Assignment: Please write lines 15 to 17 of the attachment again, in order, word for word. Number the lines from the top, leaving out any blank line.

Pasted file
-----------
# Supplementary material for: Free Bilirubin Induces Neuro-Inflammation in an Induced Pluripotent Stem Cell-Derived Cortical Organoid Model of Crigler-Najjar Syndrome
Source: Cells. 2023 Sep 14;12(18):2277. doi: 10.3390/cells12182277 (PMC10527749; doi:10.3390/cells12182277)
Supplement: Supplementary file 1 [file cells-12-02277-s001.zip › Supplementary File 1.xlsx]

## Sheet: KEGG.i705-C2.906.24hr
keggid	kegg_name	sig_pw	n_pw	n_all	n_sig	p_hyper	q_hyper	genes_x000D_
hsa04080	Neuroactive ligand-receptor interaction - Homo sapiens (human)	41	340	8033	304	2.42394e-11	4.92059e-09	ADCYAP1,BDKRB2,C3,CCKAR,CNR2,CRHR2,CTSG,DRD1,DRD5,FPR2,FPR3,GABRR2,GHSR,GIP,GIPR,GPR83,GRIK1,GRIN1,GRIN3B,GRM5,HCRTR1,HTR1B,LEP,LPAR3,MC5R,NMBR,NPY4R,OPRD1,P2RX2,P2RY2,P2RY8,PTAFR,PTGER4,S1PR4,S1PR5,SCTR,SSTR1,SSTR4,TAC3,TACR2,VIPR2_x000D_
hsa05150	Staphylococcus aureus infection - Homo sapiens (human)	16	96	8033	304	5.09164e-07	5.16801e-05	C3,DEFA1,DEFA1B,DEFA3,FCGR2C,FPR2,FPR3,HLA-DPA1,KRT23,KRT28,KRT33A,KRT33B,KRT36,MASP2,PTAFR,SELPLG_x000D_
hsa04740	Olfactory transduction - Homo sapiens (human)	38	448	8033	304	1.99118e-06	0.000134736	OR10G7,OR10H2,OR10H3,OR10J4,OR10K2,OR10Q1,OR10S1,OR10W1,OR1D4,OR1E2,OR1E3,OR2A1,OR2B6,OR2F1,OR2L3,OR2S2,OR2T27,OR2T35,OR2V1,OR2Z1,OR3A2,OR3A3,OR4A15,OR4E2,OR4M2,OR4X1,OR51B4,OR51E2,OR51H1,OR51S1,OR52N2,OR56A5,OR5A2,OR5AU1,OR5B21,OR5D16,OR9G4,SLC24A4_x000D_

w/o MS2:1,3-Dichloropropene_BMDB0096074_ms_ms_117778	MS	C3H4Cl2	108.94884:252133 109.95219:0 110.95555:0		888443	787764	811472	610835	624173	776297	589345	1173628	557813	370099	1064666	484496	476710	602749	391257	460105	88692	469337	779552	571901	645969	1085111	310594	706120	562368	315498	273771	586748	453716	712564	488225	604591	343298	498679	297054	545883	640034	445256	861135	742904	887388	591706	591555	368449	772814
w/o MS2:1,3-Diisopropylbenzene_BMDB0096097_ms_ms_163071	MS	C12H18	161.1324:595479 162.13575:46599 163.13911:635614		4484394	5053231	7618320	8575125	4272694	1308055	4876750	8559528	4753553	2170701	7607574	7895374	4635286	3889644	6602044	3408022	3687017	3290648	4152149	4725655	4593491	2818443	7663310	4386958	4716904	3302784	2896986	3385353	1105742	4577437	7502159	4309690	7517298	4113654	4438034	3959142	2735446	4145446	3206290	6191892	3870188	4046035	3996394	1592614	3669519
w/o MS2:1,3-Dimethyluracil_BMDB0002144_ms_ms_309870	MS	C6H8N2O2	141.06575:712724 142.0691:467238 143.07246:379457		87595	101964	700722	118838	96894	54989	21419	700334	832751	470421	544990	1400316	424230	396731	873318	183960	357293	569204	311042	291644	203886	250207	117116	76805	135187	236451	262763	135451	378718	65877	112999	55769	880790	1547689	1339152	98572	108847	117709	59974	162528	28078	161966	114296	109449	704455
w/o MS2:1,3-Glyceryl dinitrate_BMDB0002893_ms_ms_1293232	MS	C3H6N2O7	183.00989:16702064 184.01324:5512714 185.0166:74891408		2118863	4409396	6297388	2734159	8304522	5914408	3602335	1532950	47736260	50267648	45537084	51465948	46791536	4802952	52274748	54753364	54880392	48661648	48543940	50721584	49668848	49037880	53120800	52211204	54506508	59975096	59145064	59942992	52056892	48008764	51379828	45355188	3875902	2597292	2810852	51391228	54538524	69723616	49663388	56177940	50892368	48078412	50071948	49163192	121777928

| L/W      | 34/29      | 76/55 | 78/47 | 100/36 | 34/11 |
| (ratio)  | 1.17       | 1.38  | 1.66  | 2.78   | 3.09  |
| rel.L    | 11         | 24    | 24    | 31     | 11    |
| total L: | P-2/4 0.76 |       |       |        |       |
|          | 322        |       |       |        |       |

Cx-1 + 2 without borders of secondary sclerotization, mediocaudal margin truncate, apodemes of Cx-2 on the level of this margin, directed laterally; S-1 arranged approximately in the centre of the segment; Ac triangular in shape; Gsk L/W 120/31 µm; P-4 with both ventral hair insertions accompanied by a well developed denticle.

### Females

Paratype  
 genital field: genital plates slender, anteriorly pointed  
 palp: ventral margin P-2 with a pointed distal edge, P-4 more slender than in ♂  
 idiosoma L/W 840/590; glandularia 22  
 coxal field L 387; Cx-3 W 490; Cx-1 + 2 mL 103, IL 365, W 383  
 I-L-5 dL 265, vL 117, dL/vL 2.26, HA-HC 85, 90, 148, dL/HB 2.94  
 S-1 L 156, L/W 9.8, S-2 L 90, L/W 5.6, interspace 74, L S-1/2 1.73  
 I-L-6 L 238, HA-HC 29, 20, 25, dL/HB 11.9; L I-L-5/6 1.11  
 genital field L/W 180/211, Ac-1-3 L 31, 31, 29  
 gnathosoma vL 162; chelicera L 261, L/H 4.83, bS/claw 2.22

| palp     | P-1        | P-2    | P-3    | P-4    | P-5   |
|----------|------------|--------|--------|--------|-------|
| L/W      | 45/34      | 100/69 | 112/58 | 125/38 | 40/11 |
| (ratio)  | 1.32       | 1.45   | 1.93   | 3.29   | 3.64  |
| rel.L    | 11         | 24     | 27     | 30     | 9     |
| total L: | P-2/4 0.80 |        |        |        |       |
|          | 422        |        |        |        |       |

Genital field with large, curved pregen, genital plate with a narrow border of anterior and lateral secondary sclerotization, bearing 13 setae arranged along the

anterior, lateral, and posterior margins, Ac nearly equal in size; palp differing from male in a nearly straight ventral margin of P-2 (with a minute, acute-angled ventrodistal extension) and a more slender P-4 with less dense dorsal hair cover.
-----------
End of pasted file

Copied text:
| rel.L    | 11         | 24    | 24    | 31     | 11    |
| total L: | P-2/4 0.76 |       |       |        |       |
|          | 322        |       |       |        |       |